Wednesday, March 31, 2010

Landmark (and great) decision on patents involving DNA

A landmark ruling that, I think, clarifies some of the confusion surrounding patents involving DNA. Some of the stuff in the article itself serves to illustrate confusion in peoples' understanding of what is/was/should have been patentable. The confusion boils down to a lack of understanding of the difference between 'invention' and 'discovery'.

From the NYTimes:

"A federal judge on Monday struck down patents on two genes linked to breast and ovarian cancer. The decision, if upheld, could throw into doubt the patents covering thousands of human genes and reshape the law of intellectual property."

I think this was a great ruling because the BRCA ('breast cancer gene') patents basically (I understand it) were for DNA that occurred naturally in living beings. Myriad Genetics claimed (like other companies have before) that isolating the gene transformed it chemically so it was now patentable. Shrewd lawyers and ill informed judges went along with that idea. But it was flawed from the beginning because Myriad patented the mutant version of the gene (which naturally occurred) and then got sole rights to test for those mutations (that naturally occurred in patients). There was no engineering human engineering involved that made that sequence unique and patentable. The exclusivity for the breast cancer test didn't arise from any technical innovation in the testing procedure --- just from the naturally occurring DNA sequence. Basically, they patented a discovery, not an invention. A lot of the 'gene' patents are fundamentally flawed for this reason: they are patents for discoveries, not inventions.

The NYTimes article goes on to say:

Such patents, it said, have been granted for decades; the Supreme Court upheld patents on living organisms in 1980.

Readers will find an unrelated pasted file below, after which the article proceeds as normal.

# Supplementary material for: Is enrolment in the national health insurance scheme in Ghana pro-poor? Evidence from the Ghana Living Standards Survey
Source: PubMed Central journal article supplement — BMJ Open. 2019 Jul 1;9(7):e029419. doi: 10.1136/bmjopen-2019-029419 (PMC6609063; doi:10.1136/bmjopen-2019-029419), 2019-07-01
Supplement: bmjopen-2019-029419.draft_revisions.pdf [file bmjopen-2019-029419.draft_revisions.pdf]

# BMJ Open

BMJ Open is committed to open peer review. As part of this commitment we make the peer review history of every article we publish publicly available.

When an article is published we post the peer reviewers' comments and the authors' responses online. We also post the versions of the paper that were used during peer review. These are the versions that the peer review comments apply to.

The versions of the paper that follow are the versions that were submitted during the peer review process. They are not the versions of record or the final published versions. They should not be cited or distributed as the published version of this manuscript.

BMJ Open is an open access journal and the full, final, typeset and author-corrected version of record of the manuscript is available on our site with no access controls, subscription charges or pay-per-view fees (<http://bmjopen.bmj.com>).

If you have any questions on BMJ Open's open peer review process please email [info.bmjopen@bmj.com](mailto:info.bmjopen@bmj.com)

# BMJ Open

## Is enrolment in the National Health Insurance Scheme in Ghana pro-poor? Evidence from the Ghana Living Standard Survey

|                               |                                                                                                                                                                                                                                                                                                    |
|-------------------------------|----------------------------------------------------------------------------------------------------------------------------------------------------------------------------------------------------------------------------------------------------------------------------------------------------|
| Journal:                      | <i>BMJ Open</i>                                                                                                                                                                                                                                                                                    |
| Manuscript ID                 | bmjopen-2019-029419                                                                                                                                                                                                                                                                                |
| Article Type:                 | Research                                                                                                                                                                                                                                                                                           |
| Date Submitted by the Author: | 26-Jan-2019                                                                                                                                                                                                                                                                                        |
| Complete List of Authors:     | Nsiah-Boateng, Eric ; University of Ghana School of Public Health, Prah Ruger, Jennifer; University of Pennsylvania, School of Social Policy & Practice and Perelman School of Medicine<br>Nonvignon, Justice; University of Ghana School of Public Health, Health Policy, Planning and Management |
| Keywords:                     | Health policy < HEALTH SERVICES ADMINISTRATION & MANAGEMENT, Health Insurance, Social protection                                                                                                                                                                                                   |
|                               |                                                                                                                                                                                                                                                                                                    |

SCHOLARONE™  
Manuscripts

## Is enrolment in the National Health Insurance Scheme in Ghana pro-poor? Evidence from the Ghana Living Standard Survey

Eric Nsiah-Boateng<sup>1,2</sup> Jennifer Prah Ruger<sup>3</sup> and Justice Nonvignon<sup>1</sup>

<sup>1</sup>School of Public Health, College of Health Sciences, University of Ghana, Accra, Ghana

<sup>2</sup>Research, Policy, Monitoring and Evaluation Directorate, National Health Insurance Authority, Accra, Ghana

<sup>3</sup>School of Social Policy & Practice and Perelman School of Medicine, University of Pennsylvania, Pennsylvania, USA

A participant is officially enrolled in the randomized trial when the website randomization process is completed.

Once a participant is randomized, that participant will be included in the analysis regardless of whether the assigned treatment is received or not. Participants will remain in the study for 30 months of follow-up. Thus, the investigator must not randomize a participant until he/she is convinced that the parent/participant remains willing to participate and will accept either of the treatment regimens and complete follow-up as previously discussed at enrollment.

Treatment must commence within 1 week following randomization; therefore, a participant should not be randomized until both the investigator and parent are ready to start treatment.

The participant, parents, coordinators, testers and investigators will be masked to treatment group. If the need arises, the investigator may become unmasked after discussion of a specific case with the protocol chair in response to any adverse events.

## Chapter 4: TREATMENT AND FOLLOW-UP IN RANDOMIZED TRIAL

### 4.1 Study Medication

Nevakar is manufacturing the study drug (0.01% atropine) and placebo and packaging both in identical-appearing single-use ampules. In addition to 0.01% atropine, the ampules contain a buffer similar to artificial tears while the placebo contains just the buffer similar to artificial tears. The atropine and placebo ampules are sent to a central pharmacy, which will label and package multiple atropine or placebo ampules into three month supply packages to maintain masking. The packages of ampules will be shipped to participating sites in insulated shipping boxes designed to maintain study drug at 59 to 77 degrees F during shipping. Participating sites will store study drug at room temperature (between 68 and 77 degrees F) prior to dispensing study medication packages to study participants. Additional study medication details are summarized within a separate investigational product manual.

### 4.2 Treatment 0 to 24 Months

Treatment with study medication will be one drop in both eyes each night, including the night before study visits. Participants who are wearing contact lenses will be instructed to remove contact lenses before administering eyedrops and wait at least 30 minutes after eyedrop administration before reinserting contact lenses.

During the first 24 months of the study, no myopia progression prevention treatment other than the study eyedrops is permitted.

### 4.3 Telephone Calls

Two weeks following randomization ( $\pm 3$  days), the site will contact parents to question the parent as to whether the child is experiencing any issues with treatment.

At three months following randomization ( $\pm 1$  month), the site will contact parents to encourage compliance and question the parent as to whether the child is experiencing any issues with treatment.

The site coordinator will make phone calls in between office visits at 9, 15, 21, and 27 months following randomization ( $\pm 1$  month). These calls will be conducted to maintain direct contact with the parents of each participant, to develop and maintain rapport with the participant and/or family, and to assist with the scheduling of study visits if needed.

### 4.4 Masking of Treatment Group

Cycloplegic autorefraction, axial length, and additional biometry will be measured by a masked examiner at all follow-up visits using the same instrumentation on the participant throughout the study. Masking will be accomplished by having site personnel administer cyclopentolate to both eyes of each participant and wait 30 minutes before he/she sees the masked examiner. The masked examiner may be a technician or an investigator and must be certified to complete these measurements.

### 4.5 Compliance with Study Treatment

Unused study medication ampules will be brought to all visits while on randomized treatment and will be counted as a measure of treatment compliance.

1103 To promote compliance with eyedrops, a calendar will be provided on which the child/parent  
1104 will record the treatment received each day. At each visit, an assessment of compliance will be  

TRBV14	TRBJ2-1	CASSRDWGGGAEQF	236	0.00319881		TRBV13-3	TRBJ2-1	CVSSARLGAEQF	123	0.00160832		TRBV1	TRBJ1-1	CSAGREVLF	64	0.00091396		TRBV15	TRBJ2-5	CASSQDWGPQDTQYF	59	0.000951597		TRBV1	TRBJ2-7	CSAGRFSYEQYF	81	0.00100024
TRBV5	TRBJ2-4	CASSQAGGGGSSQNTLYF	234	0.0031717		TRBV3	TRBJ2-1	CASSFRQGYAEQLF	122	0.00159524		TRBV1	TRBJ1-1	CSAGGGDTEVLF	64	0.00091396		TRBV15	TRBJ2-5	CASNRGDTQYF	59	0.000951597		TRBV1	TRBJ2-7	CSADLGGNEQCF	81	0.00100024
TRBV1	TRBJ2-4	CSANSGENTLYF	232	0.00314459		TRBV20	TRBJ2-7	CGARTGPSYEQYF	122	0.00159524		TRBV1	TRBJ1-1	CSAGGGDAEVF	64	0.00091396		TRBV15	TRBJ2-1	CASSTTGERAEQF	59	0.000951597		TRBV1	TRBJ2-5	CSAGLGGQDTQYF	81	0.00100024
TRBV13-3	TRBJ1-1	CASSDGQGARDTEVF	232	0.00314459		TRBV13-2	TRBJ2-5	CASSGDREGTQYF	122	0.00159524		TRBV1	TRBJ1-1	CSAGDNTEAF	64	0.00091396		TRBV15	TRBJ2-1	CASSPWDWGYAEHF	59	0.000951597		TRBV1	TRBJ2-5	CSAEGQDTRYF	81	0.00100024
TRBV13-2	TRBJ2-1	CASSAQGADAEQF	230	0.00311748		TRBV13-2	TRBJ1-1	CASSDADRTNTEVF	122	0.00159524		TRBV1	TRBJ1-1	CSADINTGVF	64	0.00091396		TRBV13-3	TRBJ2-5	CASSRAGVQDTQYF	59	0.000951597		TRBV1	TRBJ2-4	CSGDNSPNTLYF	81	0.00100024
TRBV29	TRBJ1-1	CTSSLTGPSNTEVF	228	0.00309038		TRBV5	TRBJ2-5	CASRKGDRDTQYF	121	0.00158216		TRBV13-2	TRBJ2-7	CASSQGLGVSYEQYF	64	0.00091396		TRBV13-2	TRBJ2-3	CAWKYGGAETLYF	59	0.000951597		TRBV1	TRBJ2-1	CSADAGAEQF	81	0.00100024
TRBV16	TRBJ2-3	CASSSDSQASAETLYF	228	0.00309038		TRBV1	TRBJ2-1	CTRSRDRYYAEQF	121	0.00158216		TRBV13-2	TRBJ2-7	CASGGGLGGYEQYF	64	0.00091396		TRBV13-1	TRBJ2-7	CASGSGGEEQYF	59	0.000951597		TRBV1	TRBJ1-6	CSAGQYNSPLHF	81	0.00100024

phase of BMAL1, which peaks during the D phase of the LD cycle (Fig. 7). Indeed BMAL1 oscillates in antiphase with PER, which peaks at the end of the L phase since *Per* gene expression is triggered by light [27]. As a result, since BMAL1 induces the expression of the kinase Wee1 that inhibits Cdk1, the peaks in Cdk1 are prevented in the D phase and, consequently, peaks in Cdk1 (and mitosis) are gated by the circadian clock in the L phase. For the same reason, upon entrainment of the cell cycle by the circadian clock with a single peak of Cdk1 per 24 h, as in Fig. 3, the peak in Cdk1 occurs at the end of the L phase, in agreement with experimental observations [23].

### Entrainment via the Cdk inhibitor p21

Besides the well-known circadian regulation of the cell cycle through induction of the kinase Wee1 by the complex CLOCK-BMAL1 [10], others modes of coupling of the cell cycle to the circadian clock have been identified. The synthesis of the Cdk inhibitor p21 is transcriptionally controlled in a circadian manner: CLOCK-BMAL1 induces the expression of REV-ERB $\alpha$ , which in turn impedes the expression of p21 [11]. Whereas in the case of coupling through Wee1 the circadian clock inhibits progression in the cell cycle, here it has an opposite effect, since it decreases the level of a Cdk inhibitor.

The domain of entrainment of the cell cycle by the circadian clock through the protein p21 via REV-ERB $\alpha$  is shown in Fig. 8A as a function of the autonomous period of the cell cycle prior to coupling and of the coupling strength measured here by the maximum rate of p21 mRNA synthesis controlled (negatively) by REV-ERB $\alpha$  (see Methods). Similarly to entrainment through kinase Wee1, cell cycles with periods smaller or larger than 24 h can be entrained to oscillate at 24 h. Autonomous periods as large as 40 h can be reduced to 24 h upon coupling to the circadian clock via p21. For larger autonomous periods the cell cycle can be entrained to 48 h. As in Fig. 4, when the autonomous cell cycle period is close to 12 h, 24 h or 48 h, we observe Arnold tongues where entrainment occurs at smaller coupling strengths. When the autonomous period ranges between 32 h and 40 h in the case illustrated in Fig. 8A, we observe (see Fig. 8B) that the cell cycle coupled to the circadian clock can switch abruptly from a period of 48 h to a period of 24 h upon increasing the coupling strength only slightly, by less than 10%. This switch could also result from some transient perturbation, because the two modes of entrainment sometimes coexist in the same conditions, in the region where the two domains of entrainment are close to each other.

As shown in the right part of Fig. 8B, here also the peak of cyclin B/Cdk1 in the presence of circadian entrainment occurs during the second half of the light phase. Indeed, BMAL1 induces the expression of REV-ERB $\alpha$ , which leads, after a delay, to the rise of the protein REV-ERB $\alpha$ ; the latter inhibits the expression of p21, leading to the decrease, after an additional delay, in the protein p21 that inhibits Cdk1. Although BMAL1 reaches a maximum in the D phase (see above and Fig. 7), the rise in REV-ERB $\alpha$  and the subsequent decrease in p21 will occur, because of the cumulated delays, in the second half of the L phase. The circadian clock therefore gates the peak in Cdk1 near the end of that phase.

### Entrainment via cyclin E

The first part of this statement is somewhat true; but again, those patents were awarded incorrectly, due to some smart lawyering that muddied the facts about what was natural versus what was portrayed to be 'engineered'.

The second part of it was, at best, a bad example. The patent on living organisms that it refers to is one in which a microbe was engineered, using DNA that was also engineered, to be able to break down crude oil. There is no naturally occurring piece of DNA identical to that which was made and used for the engineering. Consequently, there is also no naturally occurring microbe that can break down crude oil in quite exactly the same way as that microbe --- and it is highly significant that the microbe's ability to break down crude oil is completely dependent on the engineering, and unnatural piece of DNA, that it possessed. The difference in this case, that made the DNA and the microbe patent-worthy, was that they were inventions not discoveries.

Anyway, coming back to the breast cancer gene patents---from related NYTimes article:

Although patents are not granted on things found in nature, the DNA being patented had long been considered a chemical that was isolated from, and different from, what was found in nature. But Judge Sweet ruled that the distinguishing feature of DNA is its information content, its conveyance of the genetic code. And in that regard, he wrote, the isolated DNA “is not markedly different from native DNA as it exists in nature.”

Way to go judge. Freaking nailed it!

This ruling is very significant because Myriad patented a discovery and charged patients a freaking ton of money for a simple test. They charge over $3000 for a test that shouldn't cost more than a twentieth of that. This ruling could open up a ton of competition for the simple test now, and hopefully bring down the cost of the test dramatically.

This should also set the standard for future patenting in biology. It is really not that difficult to determine invention vs discovery --- and award patents for the former and not for the latter.

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